If the news these days seems to be less than ideal, all you really need to cheer you up is to go to a trade show. It is there, in those vast physical spaces, such as the recent MODEX 2018 in Atlanta, that talent rules the day. Inventors, thinkers and doers hold court. It is with pure joy that the CEO of a new company, or an engineer at an old-line company, will explain how their creative thinking led to solving a problem the industry was facing.
What if we were to expand the talent currently located under one exhibit hall roof by essentially just removing the roof? We could then tap into an unlimited pool of talent.
That concept is the foundation of crowdsourcing. While it has been used by companies to get ideas on how to improve products, it is now being used to help solve problems as well. And this new model could turn into a new way of sourcing talent.
From a company’s perspective, workforce talent doesn’t have to be located either within the walls of the company or an outsourced company, but instead it could include individuals who are unassociated, asked Andrew McAfee, co-founder of the Initiative on the Digital Economy and a principal research scientist at the MIT Sloan School of Management. McAfee delivered a keynote speech at MODEX on the topic of “Harnessing our Digital Future.”
“The crowd is often more capable than the core,” he observes.
And that might be a hard concept to embrace as companies have spent years honing their core competencies. McAfee offered an example of this concept. A government agency, using top medical talent, had found a solution that was 75% effective and worked for a certain number of patients per thousand. They decided to crowdsource the idea, offering $6,000 in prize money for a two-week competition open to anyone—no degrees or experience were necessary. Six people, with no particular medical background, found a solution that was 80% effective (which is statistically important) and greatly reduced the number-per-thousand statistic.
What does this tell us? For one thing, it tells us there is a great deal of untapped knowledge out there. And now we have a platform to source that talent. McAfee believes crowdsourcing will change the way we work. He envisions a model where people aren’t traditional employees, but instead will offer their ideas to companies and retain the intellectual property.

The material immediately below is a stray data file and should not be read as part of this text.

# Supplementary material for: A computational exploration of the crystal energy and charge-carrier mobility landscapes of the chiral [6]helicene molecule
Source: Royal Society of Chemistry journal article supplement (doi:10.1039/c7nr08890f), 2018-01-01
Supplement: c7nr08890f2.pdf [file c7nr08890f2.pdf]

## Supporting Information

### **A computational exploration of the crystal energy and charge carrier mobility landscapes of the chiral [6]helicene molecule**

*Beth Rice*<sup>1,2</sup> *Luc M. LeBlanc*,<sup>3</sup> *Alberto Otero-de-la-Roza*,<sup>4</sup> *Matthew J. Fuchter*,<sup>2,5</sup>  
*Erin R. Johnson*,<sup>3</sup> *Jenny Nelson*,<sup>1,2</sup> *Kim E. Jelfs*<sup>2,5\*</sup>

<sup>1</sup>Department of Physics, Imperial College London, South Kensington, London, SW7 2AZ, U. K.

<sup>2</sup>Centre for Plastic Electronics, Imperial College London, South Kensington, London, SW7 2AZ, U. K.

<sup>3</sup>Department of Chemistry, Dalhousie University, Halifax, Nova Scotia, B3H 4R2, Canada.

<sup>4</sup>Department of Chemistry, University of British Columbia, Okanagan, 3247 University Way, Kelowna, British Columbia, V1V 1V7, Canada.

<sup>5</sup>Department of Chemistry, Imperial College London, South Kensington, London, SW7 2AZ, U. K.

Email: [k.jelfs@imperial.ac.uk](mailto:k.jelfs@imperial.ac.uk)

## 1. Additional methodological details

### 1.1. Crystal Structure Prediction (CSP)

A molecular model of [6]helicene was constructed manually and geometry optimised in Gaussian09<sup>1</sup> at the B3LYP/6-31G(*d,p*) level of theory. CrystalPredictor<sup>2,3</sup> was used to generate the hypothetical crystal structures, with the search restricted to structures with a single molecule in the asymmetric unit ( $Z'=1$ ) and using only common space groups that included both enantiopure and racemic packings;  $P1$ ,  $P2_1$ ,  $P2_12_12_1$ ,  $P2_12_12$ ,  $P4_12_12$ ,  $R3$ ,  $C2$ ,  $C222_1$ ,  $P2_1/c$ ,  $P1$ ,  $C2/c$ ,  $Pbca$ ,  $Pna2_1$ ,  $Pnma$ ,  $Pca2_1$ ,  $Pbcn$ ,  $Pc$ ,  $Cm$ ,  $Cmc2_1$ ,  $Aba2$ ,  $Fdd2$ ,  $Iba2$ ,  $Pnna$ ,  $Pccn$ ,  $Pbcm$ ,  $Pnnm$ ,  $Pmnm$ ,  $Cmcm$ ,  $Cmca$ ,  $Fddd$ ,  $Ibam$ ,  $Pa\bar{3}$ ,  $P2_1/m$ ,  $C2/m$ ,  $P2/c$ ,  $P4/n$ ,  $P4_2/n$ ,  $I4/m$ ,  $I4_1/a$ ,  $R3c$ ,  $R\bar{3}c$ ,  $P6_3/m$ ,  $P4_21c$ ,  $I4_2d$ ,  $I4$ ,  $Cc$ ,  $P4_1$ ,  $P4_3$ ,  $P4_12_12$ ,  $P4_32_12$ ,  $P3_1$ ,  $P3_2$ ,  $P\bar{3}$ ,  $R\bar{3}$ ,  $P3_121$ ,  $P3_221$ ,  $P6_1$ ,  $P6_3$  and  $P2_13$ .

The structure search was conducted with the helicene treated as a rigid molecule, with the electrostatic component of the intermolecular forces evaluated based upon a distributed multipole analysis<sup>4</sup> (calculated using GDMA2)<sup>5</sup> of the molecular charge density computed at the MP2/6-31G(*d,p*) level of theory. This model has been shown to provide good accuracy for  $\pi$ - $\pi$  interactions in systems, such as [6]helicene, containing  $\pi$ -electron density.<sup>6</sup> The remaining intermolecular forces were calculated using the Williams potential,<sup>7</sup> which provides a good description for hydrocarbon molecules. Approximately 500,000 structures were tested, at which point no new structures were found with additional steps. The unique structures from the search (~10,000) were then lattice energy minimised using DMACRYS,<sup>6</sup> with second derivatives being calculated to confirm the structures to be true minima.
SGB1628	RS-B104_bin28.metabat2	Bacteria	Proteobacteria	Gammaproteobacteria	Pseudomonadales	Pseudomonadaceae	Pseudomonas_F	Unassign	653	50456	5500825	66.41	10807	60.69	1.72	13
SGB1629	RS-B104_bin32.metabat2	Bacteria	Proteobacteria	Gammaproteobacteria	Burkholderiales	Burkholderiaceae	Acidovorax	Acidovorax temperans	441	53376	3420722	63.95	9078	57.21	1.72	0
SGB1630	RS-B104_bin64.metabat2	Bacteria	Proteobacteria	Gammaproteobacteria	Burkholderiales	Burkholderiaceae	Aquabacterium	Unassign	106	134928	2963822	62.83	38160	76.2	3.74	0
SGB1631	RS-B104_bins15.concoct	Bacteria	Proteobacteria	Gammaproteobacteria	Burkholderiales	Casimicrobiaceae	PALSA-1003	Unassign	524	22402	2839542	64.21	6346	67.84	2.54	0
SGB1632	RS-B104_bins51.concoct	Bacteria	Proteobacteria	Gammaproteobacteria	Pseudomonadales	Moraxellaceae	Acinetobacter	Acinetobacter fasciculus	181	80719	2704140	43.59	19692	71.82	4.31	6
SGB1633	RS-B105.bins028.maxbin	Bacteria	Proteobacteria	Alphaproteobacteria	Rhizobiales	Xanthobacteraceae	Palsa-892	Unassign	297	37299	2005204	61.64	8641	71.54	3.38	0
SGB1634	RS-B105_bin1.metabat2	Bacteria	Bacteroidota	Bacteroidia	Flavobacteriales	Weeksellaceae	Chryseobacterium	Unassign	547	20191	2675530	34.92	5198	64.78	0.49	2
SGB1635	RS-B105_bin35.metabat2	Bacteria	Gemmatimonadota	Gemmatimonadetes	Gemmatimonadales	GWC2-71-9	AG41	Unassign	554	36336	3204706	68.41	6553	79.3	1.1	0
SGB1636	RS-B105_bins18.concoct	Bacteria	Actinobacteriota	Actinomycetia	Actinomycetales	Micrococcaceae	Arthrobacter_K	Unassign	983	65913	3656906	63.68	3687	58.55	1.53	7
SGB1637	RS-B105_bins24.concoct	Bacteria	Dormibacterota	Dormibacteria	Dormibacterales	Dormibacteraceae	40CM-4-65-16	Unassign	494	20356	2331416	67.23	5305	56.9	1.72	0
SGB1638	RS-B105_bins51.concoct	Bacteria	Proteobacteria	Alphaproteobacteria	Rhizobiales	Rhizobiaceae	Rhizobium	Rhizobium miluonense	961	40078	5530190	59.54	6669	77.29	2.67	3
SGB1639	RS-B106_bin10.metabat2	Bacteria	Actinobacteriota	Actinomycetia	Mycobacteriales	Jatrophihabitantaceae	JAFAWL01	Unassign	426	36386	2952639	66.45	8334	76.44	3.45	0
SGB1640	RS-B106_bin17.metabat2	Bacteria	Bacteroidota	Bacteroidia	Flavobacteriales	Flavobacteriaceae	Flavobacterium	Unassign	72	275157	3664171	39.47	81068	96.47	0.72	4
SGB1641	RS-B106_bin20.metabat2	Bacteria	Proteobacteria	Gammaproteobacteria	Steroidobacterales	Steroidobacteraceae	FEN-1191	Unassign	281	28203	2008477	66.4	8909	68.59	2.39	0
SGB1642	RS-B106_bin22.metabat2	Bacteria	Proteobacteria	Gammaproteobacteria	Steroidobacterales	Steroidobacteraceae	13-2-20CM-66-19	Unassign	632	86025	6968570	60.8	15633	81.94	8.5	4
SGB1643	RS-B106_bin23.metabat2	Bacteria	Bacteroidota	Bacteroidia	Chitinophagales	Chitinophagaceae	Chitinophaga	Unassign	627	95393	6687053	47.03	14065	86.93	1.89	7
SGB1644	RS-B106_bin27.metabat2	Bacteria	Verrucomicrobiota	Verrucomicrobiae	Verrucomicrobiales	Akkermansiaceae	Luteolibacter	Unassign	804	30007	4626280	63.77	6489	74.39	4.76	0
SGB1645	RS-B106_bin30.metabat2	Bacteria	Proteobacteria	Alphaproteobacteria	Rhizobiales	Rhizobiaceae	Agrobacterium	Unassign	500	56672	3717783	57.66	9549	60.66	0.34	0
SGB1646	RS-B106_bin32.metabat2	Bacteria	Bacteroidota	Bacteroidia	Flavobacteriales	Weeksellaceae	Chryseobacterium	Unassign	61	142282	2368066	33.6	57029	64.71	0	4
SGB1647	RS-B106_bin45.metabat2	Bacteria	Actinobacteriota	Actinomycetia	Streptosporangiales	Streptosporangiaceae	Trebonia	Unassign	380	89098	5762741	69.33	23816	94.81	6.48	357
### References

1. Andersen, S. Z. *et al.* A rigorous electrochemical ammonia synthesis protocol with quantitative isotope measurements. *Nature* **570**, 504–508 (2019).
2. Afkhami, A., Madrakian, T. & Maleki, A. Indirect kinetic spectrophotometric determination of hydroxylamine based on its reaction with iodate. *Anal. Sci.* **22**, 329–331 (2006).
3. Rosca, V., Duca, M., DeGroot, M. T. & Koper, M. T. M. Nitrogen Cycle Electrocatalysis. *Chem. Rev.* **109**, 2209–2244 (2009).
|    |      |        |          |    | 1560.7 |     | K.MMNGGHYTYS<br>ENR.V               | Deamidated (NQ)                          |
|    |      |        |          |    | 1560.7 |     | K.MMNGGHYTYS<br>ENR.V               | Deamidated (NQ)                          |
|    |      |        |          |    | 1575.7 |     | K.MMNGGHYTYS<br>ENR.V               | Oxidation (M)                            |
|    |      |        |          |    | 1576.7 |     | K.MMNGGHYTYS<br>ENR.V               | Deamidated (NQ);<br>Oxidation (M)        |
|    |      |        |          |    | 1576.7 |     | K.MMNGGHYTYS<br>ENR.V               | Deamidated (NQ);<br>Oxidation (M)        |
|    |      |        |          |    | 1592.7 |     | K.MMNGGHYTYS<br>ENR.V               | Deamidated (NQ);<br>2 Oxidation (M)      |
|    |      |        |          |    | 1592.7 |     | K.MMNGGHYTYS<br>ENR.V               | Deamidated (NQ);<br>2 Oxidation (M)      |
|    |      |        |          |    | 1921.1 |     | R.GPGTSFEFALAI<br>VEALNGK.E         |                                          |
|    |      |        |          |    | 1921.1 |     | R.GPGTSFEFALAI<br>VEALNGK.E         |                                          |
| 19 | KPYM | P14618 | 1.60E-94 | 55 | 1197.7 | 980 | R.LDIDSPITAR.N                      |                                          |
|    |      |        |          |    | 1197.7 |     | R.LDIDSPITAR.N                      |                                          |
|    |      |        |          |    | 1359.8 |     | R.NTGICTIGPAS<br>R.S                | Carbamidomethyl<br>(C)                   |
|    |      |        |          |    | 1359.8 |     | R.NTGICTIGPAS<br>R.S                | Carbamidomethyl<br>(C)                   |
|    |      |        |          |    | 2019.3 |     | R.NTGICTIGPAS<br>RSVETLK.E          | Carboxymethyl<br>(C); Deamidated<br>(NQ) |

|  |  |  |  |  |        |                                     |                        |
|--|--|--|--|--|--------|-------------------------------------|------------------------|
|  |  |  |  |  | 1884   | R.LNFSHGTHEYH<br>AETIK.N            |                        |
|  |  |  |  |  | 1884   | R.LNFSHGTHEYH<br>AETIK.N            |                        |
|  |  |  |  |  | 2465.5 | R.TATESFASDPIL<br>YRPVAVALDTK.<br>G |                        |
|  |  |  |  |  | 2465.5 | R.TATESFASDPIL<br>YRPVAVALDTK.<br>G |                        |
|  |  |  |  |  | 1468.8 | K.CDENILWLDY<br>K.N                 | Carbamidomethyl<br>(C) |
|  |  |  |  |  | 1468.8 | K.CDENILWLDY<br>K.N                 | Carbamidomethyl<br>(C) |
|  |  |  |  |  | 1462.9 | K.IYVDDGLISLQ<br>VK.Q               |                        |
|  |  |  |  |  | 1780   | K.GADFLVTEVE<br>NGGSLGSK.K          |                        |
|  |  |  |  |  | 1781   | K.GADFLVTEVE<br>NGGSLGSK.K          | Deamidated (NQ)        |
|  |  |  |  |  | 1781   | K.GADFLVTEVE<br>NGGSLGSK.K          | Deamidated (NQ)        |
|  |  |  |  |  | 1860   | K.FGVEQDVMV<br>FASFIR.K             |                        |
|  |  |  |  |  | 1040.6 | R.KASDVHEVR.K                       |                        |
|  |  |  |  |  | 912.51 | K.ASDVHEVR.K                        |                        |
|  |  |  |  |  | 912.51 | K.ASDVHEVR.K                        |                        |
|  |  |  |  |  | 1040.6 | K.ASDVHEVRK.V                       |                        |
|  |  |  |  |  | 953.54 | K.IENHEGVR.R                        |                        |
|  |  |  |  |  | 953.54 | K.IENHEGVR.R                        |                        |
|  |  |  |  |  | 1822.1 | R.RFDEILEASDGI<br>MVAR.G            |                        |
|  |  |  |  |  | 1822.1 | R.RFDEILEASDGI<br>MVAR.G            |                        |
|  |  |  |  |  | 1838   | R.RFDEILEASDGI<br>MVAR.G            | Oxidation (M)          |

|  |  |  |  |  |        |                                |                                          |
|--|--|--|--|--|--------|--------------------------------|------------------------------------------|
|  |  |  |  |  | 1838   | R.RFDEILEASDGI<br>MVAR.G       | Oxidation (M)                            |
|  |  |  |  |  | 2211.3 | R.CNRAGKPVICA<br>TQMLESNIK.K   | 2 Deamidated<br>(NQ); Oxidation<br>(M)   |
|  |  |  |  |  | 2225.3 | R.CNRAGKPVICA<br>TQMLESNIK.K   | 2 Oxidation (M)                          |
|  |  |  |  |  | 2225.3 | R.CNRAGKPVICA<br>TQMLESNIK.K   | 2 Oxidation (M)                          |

While that might sound odd at first, just think of how inefficient our system is at finding talent given the fact that we preemptively weed out so many minds based on lack of established credentials. This is especially worrisome with the cost of education becoming prohibitive. We are most certainly missing out on great, if untapped, talent.
But now we have a way to access these minds. “Organizations will spring up to build a crowd and tap into that core,” says McAfee. Technology can now create platforms to match the talent with the problems that need to be solved.
If that seems difficult to understand, look at an example of what McAfee refers to as Geeks, who enjoy problem-solving but often don’t like the structure of an organization. If we remove the traditional style of employment with fixed physical locations and chains of commands, and instead just offer up a platform to communicate ideas, using contests with specific criteria, imagine the knowledge that would flow into the process.
It would require a fundamental change in the model of intellectual property as the individual would own the IP and not the company. But that’s a trade companies might be willing to make.
This is all in the early stages but McAfee says it’s currently happening across many areas and has shown positive results.
As all industries are in a struggle for talent, and many of the newer generations of workers are not buying into the concept of working for one company for their entire career (or working for a company at all), this model offers a way to connect the needed talent to the business world in a form of employment that has a wide-appeal to those extraordinary thinkers out there.